Jan 6, 2015 -- The benefits for small and medium size enterprises (SMEs) of using High Performance Computing (HPC) within their design and development processes can be huge, such as: enormous cost savings e.g. by reducing product failure early during design, development, and production; more simulations lead to higher quality products; and more computing power enable shorter time to market. Potentially, all this can lead to increased competitiveness and more innovation.
However, today, less than 10% of manufacturers are using HPC servers for computer simulations to design and develop their products, according to the two studies, ‘Reflect’ and ‘Reveal’, from the US Council of Competitiveness. The vast majority (over 90%) of the companies performs virtual prototyping and large-scale data modeling and they are still limited by their desktop computers (workstations or laptops). But 57% of these companies said that they have application problems that they can’t solve with their existing desktop computers, because their desktops are too slow for the problems they want to solve, or because geometry or physics are too complex and need more memory than is available from their desktop. Therefore, most of these companies have a real need for high performance computing.
There are two realistic options today how to acquire additional computing power beyond what is available from the desktop system. One option (which is widely proven to work) is buying an HPC server which is many times faster and more capable than what engineers currently have available on their desk. However, for many companies, especially SMEs, buying an HPC server is often not a viable solution.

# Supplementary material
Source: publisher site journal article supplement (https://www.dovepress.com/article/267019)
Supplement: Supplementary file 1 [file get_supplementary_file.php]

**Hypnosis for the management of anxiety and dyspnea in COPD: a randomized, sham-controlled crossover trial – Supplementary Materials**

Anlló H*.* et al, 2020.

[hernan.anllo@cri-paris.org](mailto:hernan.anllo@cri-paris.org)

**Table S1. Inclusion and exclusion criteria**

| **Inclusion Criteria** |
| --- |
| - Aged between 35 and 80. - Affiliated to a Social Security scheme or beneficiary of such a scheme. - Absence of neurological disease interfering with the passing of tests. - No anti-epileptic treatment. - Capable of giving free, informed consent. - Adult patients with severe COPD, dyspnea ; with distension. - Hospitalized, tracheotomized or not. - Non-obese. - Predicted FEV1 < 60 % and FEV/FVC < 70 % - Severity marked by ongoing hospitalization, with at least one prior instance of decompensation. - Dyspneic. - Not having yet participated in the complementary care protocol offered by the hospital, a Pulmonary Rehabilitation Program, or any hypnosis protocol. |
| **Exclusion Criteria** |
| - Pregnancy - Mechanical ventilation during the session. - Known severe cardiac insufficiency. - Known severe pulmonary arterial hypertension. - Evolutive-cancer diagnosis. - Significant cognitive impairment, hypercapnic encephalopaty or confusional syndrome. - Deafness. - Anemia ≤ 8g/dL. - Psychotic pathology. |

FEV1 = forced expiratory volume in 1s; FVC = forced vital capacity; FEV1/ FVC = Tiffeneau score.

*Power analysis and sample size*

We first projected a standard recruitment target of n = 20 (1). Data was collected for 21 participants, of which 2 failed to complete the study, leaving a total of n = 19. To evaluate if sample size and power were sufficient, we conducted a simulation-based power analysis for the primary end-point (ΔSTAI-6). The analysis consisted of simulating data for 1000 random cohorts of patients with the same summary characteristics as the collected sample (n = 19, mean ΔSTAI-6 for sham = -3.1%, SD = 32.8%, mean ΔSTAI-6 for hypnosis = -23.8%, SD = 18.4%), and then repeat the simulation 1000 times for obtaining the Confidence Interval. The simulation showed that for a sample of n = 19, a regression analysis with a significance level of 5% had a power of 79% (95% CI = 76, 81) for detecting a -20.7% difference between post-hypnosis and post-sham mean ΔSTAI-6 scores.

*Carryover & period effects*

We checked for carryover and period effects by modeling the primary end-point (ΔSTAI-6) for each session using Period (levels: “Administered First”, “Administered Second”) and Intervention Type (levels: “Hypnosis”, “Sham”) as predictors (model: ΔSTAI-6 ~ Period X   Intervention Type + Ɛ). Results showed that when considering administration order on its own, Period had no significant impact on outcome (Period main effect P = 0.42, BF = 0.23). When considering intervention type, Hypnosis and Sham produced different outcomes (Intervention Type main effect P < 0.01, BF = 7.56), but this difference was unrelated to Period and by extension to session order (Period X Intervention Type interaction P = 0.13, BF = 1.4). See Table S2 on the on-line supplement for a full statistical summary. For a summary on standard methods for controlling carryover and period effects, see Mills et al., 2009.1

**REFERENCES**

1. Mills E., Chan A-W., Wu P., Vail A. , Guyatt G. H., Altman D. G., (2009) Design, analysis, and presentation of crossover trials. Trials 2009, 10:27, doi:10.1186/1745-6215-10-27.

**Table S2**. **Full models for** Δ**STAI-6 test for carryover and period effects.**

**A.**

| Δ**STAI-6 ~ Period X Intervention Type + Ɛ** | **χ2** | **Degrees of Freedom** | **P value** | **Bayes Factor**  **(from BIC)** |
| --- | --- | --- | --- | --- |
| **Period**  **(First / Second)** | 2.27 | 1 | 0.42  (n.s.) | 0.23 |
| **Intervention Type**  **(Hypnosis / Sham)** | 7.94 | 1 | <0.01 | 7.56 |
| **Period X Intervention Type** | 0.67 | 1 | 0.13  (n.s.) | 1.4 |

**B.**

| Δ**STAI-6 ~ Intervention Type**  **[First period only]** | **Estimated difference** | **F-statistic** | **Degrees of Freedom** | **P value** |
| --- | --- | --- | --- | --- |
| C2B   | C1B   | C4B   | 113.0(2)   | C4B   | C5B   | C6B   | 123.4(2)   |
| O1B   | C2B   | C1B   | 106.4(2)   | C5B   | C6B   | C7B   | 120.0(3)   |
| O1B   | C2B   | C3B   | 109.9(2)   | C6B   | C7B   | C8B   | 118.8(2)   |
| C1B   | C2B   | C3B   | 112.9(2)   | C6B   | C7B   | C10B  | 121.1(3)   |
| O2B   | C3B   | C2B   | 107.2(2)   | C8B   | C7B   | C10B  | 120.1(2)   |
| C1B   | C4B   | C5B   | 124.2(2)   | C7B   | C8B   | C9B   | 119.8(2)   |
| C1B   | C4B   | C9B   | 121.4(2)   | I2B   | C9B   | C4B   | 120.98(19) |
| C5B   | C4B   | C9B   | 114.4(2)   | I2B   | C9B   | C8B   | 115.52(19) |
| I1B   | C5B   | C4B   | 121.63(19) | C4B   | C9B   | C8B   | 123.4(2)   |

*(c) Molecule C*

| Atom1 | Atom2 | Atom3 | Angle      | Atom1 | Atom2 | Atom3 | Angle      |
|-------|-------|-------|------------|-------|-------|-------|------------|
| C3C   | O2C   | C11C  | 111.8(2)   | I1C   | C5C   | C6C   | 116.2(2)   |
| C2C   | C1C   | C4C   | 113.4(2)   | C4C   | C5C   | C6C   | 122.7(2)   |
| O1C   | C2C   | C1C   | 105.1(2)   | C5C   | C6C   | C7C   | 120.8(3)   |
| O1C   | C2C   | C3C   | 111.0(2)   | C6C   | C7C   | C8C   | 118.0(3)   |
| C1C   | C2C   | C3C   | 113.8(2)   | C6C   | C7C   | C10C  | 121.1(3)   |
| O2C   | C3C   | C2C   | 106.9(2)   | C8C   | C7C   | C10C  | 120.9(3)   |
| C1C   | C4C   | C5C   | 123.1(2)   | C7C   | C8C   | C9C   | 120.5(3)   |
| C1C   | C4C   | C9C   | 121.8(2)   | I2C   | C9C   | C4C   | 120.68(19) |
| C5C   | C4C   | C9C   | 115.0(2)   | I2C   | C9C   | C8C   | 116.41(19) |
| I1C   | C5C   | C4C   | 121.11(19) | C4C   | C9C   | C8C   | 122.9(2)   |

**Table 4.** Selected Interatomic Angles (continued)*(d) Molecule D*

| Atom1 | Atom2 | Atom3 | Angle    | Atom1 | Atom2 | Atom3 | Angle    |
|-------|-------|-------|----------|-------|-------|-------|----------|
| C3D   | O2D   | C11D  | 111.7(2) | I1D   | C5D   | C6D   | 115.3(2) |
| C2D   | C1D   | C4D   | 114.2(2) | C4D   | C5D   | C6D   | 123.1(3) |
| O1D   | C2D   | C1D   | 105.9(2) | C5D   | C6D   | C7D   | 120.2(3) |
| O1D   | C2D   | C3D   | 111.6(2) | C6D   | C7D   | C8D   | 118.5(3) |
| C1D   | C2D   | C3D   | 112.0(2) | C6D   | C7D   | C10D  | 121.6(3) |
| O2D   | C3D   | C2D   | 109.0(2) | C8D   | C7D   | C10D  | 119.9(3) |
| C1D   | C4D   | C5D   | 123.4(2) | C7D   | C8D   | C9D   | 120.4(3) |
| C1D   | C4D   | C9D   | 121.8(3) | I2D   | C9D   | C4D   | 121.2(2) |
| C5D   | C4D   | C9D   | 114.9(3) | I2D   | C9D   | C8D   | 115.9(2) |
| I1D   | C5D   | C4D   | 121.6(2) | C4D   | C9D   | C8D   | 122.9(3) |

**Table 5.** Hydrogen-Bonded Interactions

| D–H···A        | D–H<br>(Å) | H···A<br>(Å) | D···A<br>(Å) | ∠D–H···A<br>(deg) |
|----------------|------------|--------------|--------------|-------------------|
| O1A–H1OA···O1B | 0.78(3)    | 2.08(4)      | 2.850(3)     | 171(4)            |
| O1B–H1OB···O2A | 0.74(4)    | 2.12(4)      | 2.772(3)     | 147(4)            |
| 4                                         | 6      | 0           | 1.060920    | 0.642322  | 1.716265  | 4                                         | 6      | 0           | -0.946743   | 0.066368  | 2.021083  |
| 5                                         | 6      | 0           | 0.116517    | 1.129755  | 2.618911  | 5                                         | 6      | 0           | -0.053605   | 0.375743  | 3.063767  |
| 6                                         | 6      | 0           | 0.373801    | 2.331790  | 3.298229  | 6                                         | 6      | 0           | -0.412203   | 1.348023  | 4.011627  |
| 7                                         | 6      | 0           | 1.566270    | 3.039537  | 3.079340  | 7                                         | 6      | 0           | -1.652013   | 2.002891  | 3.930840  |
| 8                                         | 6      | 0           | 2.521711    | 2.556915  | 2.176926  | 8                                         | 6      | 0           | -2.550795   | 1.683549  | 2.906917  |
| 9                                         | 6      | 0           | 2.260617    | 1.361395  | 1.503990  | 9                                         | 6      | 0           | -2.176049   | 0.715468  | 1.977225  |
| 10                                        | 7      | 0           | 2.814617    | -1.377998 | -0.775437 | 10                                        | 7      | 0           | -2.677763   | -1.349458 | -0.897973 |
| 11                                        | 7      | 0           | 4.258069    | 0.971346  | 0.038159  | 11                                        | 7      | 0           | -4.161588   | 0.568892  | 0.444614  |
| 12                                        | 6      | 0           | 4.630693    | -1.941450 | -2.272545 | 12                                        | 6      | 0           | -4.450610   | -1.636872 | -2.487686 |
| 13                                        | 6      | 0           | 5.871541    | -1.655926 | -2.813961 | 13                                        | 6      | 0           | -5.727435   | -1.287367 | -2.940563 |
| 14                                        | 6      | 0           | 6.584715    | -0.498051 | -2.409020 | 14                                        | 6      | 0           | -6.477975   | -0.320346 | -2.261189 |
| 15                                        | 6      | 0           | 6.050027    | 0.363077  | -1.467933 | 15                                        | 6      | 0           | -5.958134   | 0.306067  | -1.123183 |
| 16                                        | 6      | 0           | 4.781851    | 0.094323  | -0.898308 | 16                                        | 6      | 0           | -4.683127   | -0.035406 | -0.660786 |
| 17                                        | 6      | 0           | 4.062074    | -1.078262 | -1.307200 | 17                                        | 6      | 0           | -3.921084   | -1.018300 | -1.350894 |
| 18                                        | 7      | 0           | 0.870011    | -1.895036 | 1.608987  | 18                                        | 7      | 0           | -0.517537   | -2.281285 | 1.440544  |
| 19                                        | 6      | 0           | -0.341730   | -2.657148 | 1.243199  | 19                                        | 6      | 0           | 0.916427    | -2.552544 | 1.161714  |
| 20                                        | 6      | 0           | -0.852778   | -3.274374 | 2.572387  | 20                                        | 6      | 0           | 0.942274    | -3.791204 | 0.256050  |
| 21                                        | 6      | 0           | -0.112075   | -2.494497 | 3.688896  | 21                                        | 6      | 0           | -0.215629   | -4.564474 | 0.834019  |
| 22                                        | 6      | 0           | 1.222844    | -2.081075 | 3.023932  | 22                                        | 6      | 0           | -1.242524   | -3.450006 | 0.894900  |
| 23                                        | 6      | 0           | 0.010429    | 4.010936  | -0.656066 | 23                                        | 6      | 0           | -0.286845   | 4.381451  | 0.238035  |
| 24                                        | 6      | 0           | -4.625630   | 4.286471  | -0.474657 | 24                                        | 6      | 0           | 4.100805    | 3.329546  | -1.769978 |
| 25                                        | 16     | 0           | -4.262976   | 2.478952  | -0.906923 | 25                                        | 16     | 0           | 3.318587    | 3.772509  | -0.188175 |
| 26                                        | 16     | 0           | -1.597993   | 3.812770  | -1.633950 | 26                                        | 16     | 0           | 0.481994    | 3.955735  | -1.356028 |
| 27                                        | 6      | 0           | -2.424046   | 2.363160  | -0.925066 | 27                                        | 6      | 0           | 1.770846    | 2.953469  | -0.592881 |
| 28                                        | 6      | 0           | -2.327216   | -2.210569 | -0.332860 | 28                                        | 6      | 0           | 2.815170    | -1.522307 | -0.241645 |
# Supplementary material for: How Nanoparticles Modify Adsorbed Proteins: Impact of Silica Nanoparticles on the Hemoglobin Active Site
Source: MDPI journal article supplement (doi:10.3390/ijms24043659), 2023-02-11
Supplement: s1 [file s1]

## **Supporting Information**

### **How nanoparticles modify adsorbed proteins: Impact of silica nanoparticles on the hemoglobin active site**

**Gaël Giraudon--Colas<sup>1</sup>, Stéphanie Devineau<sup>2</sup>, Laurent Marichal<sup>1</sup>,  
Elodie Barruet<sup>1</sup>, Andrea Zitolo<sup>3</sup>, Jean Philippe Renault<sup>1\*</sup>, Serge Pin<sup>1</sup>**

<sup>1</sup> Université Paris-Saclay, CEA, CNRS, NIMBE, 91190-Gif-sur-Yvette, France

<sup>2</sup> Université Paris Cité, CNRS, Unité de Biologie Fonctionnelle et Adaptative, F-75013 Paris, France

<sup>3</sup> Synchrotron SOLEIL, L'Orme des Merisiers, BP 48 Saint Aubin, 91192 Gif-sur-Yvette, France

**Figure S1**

A second option recently is HPC in the Cloud which allows engineers to continue using their own desktop system for daily design and development work, and to submit (burst) the (sometimes much) larger, more complex, more time-consuming jobs into the cloud. Additional benefits of the HPC Cloud solution are on-demand access to ‘infinite’ resources, pay per use, reduced capital expenditure (CAPEX), greater business agility, higher-quality results, lower risk, lower product failure rate, and dynamically scaling resources up and down as needed.
Wolfgang Gentzsch discusses the different scenarios with a special focus on the cost for HPC servers, in-house versus in-cloud, and a ‘hybrid’ combination of them, in an article HERE.